After my exam, I plan to celebrate my making myself lots of good things to eat and watching a DVD. That’s pretty much what I’m gonna have the energy for. As usual, I’ll probably be done eating before the credits roll by… And this isn’t because I eat so very little. No, it’s because I truly master the art of stuffing my face, that’s why.

An ex used to tell me that I ate like a bird. This is completely true if you take into consideration that a bird can scoff down about three times its own weight. I don’t really think that’s what he meant, though. The last time I can remember him saying this, was while we were having dinner at a friends apartment. We’d all chipped in for the food, and prepared it together, but the x-man had to work late, so he only saw the eating-part and not the shopping-part or the cooking-part.

I once worked as a kitchen assistant, and the chefs always had us try the food, to make sure that it was okay. After all, when you’re cooking something for someone else, you want to make sure that the meal is all that it can be. That it reaches its meal-potential, and all that. Unless, of course, you’re cooking for someone you really can’t stand. If so, you might be happy as long as the food places them firmly on the toilet for a while. Their own toilet, that is…

So while we were preparing the stuff, we tested it. Thoroughly. And once we had checked it once, we had to check it again, just like the song says. We figure out more or less how much food will be eaten at the table, and then we get twice as much in the store – because about half of it won’t ever make it out of the kitchen.

So that evening, x-man watched me picking my food, shook his head and said “You eat like a bird.”

Sure I do. Like the 10 ft tall, carnivorous Terror Birds that lived in South America about a million years ago.

I'll just leave you with this - the song that the monster in "Naked Space" sings:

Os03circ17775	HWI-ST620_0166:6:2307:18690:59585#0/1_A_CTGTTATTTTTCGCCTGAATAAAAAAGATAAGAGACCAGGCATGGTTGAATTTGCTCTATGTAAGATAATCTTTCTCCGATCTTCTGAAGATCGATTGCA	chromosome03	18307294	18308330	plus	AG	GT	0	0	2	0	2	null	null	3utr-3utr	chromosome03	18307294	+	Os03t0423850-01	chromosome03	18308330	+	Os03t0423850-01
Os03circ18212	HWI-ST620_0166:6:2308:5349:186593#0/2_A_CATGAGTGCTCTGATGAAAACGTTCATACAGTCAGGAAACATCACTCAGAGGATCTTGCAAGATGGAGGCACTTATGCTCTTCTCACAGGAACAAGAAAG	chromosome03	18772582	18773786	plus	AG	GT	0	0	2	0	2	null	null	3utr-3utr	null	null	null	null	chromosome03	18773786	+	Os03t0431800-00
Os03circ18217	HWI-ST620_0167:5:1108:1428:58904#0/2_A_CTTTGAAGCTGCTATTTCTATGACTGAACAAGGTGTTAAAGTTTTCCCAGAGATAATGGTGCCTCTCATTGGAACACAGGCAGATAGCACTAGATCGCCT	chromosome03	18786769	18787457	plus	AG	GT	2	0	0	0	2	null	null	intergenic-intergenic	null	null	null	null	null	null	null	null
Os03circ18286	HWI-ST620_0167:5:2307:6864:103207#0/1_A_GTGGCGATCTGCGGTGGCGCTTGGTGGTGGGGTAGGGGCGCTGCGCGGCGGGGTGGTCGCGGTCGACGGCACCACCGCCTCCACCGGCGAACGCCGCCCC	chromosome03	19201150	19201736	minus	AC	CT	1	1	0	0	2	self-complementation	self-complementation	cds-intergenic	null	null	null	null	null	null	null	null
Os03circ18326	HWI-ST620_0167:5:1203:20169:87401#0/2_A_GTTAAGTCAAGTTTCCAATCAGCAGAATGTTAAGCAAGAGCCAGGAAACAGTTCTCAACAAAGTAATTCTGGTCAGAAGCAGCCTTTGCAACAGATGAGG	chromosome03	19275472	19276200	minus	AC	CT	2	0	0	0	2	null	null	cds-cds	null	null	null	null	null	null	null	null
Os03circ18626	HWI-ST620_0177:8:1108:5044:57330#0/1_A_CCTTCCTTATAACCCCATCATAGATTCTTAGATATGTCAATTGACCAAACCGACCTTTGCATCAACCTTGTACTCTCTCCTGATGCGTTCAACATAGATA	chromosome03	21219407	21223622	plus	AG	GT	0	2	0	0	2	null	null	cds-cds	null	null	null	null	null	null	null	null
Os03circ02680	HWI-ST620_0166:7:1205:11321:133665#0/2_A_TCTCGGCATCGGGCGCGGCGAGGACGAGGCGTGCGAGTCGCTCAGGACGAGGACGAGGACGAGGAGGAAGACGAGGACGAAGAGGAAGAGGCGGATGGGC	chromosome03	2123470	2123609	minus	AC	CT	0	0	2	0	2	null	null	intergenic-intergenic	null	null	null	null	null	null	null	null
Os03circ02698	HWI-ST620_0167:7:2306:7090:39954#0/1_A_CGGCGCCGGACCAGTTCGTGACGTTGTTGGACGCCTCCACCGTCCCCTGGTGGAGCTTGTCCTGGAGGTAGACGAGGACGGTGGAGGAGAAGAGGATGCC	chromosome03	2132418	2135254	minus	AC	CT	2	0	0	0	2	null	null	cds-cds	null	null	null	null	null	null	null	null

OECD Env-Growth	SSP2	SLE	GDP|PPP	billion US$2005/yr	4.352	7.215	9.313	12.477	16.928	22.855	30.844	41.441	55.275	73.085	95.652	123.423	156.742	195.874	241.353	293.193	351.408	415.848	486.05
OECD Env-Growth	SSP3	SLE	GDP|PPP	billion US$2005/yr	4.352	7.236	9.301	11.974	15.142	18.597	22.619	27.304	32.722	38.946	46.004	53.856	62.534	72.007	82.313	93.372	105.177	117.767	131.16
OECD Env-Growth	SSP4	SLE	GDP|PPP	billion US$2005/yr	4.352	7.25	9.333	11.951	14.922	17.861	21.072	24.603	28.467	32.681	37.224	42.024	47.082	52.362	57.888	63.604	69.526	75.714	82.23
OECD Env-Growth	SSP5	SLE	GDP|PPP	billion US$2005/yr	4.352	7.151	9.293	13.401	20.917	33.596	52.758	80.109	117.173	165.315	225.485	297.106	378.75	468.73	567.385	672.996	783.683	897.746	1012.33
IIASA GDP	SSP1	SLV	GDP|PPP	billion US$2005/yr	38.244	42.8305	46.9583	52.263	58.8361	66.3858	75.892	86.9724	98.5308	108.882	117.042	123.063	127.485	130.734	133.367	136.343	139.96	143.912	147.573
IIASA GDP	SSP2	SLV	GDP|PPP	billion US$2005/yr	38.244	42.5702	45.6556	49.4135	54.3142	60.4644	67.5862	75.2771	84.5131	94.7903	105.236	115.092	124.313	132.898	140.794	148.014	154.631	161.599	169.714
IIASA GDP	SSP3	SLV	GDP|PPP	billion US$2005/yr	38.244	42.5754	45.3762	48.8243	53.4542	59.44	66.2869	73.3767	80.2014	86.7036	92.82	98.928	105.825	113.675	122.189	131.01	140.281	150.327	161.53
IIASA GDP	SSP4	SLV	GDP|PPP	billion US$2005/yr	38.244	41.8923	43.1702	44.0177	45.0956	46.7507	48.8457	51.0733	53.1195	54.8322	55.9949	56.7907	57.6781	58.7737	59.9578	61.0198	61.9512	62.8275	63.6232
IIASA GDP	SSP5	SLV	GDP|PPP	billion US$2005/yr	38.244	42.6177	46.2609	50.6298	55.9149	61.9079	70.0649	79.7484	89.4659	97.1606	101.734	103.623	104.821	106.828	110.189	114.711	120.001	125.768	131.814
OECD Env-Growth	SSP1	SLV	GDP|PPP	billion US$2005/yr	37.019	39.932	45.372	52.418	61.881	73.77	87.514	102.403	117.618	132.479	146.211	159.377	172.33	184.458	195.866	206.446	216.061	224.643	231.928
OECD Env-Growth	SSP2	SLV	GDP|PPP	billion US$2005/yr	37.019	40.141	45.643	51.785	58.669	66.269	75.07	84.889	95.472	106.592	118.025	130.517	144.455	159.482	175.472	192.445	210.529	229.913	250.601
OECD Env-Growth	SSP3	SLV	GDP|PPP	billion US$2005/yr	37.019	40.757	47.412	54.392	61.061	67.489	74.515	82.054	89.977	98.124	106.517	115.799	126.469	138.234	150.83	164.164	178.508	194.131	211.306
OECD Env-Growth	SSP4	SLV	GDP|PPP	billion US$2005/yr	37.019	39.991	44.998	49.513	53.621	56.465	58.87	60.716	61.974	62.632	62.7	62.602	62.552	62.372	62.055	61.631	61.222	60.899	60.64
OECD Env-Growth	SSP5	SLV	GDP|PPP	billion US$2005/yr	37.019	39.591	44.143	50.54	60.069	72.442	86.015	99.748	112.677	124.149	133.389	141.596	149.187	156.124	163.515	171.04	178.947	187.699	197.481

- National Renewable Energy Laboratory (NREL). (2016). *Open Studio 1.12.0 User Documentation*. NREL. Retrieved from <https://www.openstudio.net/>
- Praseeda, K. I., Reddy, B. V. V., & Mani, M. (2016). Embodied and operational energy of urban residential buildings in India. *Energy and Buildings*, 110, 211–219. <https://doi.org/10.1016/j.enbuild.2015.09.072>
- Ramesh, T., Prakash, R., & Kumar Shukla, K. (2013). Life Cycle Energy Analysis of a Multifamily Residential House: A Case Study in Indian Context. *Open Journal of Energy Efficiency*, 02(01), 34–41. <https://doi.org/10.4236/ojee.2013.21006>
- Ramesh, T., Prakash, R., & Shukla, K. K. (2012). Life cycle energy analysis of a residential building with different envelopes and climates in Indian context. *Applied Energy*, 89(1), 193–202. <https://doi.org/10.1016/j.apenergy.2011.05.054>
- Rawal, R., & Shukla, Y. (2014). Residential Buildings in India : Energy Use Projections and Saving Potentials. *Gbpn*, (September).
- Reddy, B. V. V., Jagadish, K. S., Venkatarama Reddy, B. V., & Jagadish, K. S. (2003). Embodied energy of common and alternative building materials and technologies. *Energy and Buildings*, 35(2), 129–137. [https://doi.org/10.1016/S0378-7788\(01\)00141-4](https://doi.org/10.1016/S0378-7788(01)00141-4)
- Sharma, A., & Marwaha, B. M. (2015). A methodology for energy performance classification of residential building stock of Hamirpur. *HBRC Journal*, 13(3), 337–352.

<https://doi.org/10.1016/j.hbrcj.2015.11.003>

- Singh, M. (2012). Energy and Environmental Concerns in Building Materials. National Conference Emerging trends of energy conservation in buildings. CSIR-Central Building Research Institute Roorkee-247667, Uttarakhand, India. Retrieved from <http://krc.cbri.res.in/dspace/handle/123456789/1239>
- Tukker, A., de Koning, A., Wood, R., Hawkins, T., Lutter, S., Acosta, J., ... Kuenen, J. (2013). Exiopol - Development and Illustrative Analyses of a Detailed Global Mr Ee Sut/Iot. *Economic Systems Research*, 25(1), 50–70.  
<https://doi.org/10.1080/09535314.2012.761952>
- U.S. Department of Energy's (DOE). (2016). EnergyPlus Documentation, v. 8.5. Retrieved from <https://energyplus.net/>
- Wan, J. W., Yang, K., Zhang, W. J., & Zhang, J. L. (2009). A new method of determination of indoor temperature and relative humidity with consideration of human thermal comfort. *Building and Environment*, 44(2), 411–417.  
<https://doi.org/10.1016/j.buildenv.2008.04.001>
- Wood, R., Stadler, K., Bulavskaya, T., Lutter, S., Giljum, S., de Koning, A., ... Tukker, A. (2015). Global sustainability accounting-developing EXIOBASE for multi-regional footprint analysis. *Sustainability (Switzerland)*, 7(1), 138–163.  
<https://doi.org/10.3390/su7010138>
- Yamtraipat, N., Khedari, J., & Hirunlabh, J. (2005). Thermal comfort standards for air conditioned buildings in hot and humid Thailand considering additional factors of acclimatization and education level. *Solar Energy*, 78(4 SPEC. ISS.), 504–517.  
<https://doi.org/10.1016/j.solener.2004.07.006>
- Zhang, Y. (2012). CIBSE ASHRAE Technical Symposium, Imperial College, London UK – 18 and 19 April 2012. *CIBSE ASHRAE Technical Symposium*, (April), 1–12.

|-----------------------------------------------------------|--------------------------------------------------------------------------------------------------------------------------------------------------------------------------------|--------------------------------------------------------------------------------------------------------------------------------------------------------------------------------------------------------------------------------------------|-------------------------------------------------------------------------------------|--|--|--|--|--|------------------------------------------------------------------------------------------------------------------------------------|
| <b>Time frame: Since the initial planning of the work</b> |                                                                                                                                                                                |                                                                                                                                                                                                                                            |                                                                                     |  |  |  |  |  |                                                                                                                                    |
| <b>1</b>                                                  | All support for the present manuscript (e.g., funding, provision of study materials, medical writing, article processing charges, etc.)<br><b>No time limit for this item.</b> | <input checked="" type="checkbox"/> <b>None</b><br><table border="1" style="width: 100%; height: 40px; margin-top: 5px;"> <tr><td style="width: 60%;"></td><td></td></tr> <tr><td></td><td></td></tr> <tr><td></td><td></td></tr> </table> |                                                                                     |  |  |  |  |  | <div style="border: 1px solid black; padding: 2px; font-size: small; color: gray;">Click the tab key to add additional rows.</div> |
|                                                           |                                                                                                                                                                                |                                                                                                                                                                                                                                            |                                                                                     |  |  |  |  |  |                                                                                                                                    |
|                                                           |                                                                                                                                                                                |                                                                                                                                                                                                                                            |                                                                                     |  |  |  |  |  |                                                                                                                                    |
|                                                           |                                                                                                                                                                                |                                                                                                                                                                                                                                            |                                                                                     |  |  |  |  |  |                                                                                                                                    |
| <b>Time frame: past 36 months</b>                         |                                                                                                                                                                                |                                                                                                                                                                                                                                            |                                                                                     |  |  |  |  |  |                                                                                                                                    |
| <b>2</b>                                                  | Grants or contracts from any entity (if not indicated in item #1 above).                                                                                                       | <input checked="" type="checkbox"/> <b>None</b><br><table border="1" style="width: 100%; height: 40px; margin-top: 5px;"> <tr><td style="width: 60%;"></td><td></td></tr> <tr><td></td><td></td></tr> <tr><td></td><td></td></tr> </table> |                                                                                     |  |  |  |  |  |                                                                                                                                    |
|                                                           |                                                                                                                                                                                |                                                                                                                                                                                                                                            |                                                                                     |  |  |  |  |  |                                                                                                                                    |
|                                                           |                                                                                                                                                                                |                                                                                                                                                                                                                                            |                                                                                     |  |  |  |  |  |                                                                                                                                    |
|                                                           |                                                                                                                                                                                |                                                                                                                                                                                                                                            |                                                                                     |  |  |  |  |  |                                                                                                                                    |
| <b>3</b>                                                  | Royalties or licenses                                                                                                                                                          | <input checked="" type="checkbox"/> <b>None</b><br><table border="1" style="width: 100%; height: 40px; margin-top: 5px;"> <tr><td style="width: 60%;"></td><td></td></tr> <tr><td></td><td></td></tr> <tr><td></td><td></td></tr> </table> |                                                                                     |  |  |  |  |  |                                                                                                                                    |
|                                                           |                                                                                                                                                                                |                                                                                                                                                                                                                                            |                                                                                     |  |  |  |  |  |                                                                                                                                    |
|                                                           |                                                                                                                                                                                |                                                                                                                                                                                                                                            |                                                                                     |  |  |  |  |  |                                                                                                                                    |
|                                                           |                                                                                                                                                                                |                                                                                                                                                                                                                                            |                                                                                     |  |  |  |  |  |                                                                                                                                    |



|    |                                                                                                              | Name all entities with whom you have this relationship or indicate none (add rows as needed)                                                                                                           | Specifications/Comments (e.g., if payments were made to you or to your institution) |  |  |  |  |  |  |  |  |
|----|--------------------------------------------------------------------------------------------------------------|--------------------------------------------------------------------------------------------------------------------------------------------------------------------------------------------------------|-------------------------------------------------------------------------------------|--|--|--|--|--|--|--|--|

I want to eat your face.

It could just be so yummy.

I'd like to have your face, in my tummy.

I want to eat your smile.

Your smile is so beguiling.

I could eat your smile, I'd be smiling.

I want to eat your knees!

Oh they would really please me.

So let me eat those knees, Don't you tease me!

bird picture by Procsilas for

Wednesday, November 22, 2006

Neverending Friday (part II)

As I mentioned, last Friday was a bit of a challenge for my good mood and sunny disposition. After I finally got my paper handed in, all I wanted to do, was go home. Unfortunately, unless I stopped by the grocery store first, I’d have to live off of raisins and old strawberry jam. And I’d probably have to fight the pooch for them, since she had just emptied her food storage the day before.

The store stood where it normally did, across the street from the station. I walked through the sliding doors. They closed behind me with a swish, and I looked longingly at the spot where my bus always stops. It wouldn’t be there for another twenty minutes. I wanted to go home.

I was very proud of myself when I managed to find all of the stuff I needed in a very short time, without my Inner Voice convincing me to “get the cookies” or “pick up that candybar”.

Heading for the checkout line, I figured I’d be out of there in no time. Until I saw the person standing in front of me, that is… A little, old lady with blue, curly hair who I hadn’t noticed earlier, since she practically disappeared behind her overstuffed cart. I wanted to get away, slither over to one of the other lines, but people started crowding me from behind. I was trapped.

The old bird started placing her items on the little conveyor belt. Slowly she bent into the cart, fumbled around for her groceries and picking them up as if someone had poured cement into her fake fur coat. Or maybe it wasn’t fake. If so, whichever animal had passed on for it, must have done so half a century ago.

Why are little, old ladies apparently allergic to plastic? No, not all kinds of plastic. Many of them seem very fond of plastic plants and plastic covers for furniture, but when it comes to the kind of plastic that you might use to… Oh, say pay for your groceries, that’s another story.

“That’ll be 416 kr.” said the cashier.

The little, old lady stared at him for a few seconds, while her little, old brain digested what he had just said. Then she dived into her purse. As she slowly placed the bills in the little, white tray in front of the cashier, she counted each one of them out loud. “Oooone, twooooooo, threeeeeeeee…”
When the turn came to the small change, she stopped again, her brain trying to recollect what it was that it had just digested.